Many businesses today find themselves locked in an arms race with competitors to see who can convert customer secrets into the most pennies. To try to win, they are building perfect digital dossiers, to use a phrase coined by Daniel Solove, massive data stores containing hundreds, if not thousands or tens of thousands, of facts about every member of our society. In my work, I've argued that these databases will grow to connect every individual to at least one closely guarded secret. This might be a secret about a medical condition, family history, or personal preference. It is a secret that, if revealed, would cause more than embarrassment or shame; it would lead to serious, concrete, devastating harm. And these companies are combining their data stores, which will give rise to a single, massive database. I call this the Database of Ruin. Once we have created this database, it is unlikely we will ever be able to tear it apart.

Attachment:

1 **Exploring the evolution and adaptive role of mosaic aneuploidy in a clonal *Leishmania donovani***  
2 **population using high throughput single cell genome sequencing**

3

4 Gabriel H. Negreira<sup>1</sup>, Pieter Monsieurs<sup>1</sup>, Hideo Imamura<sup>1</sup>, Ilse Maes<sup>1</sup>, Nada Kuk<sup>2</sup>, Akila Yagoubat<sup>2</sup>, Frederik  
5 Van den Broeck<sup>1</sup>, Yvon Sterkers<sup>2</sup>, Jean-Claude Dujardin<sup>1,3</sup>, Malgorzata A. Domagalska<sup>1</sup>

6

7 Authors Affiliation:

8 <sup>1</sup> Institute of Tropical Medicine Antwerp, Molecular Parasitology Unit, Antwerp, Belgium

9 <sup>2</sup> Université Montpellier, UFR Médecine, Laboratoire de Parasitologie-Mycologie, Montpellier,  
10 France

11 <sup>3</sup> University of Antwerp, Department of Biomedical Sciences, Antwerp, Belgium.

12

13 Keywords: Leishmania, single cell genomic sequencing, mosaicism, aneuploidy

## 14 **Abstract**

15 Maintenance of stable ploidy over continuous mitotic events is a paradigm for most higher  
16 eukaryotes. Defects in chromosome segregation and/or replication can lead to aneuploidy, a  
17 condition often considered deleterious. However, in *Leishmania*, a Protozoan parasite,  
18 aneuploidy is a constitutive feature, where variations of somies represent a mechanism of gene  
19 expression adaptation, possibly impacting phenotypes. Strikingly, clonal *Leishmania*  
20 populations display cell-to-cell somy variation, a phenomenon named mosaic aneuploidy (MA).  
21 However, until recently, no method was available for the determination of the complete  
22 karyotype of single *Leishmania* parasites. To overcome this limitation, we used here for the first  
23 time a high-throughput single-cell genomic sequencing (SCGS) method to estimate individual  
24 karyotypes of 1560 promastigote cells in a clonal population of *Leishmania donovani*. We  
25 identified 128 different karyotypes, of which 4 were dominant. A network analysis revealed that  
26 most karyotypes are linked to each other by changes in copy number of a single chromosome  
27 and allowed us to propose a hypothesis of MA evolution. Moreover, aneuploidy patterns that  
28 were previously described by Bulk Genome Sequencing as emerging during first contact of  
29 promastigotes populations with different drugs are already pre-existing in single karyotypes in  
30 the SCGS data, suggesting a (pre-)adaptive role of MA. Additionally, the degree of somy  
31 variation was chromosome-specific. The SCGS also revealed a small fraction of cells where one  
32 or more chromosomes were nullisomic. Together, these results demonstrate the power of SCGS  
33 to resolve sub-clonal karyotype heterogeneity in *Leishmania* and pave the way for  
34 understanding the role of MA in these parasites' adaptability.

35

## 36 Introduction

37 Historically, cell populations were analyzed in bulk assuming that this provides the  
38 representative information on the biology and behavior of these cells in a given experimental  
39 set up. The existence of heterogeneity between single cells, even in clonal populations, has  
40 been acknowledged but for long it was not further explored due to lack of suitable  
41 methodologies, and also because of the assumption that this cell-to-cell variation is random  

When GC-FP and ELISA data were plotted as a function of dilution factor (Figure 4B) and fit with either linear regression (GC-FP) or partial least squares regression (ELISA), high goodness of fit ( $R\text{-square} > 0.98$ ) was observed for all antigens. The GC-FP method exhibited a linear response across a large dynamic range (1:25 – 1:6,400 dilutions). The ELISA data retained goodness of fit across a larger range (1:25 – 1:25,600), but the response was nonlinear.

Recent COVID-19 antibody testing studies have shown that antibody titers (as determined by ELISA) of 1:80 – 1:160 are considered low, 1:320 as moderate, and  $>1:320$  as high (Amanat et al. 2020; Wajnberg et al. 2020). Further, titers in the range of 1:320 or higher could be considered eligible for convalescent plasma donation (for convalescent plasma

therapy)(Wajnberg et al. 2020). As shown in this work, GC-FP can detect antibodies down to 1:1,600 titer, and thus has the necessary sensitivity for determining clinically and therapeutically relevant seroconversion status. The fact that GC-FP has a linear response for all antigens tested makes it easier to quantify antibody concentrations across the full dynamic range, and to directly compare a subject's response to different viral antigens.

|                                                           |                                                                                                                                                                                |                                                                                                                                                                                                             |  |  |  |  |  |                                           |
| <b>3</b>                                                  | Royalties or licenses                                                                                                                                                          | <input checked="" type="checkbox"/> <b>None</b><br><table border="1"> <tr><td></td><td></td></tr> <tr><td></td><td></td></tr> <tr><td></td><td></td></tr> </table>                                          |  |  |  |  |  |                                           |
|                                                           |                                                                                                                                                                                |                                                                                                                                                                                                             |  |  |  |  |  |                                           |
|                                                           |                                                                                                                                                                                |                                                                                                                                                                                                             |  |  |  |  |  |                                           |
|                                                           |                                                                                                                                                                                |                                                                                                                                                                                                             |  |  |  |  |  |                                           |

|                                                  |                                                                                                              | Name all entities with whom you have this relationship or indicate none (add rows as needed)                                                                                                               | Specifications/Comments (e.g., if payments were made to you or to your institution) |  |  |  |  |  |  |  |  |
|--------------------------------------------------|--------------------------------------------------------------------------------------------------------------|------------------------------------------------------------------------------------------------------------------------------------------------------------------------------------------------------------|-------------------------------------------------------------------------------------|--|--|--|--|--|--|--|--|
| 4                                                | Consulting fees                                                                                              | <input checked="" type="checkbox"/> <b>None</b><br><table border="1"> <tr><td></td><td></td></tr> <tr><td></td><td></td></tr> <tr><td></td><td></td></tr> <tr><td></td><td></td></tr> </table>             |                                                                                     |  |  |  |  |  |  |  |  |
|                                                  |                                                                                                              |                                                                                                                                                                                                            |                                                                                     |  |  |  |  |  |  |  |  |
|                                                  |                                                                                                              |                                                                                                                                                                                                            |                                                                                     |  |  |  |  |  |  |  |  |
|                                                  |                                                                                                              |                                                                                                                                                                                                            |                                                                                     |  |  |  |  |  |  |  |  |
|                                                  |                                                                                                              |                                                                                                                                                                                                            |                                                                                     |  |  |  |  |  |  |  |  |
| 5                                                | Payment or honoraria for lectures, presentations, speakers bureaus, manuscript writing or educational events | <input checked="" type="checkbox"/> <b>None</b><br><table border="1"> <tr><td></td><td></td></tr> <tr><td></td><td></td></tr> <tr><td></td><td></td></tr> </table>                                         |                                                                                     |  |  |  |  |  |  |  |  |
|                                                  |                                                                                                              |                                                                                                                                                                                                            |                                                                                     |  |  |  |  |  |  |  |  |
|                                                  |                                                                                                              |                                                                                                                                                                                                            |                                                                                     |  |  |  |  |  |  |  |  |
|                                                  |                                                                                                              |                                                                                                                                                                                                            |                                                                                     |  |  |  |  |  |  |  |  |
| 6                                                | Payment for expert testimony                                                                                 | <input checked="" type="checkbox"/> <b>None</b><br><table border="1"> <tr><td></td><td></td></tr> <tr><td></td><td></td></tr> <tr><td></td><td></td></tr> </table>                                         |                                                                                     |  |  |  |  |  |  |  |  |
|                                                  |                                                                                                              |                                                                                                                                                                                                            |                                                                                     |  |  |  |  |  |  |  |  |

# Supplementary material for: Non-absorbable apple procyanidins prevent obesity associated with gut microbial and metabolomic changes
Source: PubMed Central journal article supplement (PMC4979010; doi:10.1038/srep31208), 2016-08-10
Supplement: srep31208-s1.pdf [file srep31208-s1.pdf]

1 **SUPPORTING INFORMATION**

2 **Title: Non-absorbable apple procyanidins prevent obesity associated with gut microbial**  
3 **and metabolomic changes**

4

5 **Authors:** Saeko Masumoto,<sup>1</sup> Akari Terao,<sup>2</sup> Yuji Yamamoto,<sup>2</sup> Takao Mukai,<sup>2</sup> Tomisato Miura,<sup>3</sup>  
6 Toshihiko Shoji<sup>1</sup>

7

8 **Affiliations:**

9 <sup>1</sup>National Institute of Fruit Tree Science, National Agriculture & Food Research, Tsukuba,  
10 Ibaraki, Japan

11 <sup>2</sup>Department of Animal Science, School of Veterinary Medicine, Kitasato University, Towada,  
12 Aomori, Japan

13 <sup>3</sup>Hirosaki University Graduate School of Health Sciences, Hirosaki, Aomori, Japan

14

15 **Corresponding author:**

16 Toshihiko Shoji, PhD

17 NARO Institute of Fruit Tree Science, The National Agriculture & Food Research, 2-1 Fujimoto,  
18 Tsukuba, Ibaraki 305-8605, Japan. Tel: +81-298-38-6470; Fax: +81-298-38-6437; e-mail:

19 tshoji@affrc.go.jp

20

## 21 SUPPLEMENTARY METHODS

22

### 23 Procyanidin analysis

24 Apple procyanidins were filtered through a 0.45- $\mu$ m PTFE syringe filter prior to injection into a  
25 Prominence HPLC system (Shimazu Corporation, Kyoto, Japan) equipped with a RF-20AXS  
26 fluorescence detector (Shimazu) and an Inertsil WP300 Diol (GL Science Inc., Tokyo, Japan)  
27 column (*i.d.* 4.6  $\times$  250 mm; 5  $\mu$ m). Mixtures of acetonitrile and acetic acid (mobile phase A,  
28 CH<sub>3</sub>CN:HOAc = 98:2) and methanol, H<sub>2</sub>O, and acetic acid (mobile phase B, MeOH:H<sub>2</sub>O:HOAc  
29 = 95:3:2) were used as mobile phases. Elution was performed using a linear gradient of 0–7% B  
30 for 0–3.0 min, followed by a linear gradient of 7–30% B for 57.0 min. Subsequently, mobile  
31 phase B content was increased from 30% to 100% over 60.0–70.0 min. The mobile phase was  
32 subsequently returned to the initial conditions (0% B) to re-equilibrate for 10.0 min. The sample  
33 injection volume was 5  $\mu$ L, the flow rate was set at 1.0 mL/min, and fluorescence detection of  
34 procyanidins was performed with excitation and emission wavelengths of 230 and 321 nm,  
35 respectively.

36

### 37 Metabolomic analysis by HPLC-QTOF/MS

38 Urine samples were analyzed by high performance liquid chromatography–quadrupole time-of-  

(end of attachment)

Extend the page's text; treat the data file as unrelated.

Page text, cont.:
I have become convinced that my earlier, bleak predictions about the Database of Ruin were in fact understated, arriving before it was clear how Big Data would accelerate the problem. Consider the most famous recent example of big data's utility in invading personal privacy: Target's analytics team can determine which shoppers are pregnant, and even predict their delivery dates, by detecting subtle shifts in purchasing habits. This is only one of countless similarly invasive Big Data efforts being pursued. In the absence of intervention, soon companies will know things about us that we do not even know about ourselves. This is the exciting possibility of Big Data, but for privacy, it is a recipe for disaster.
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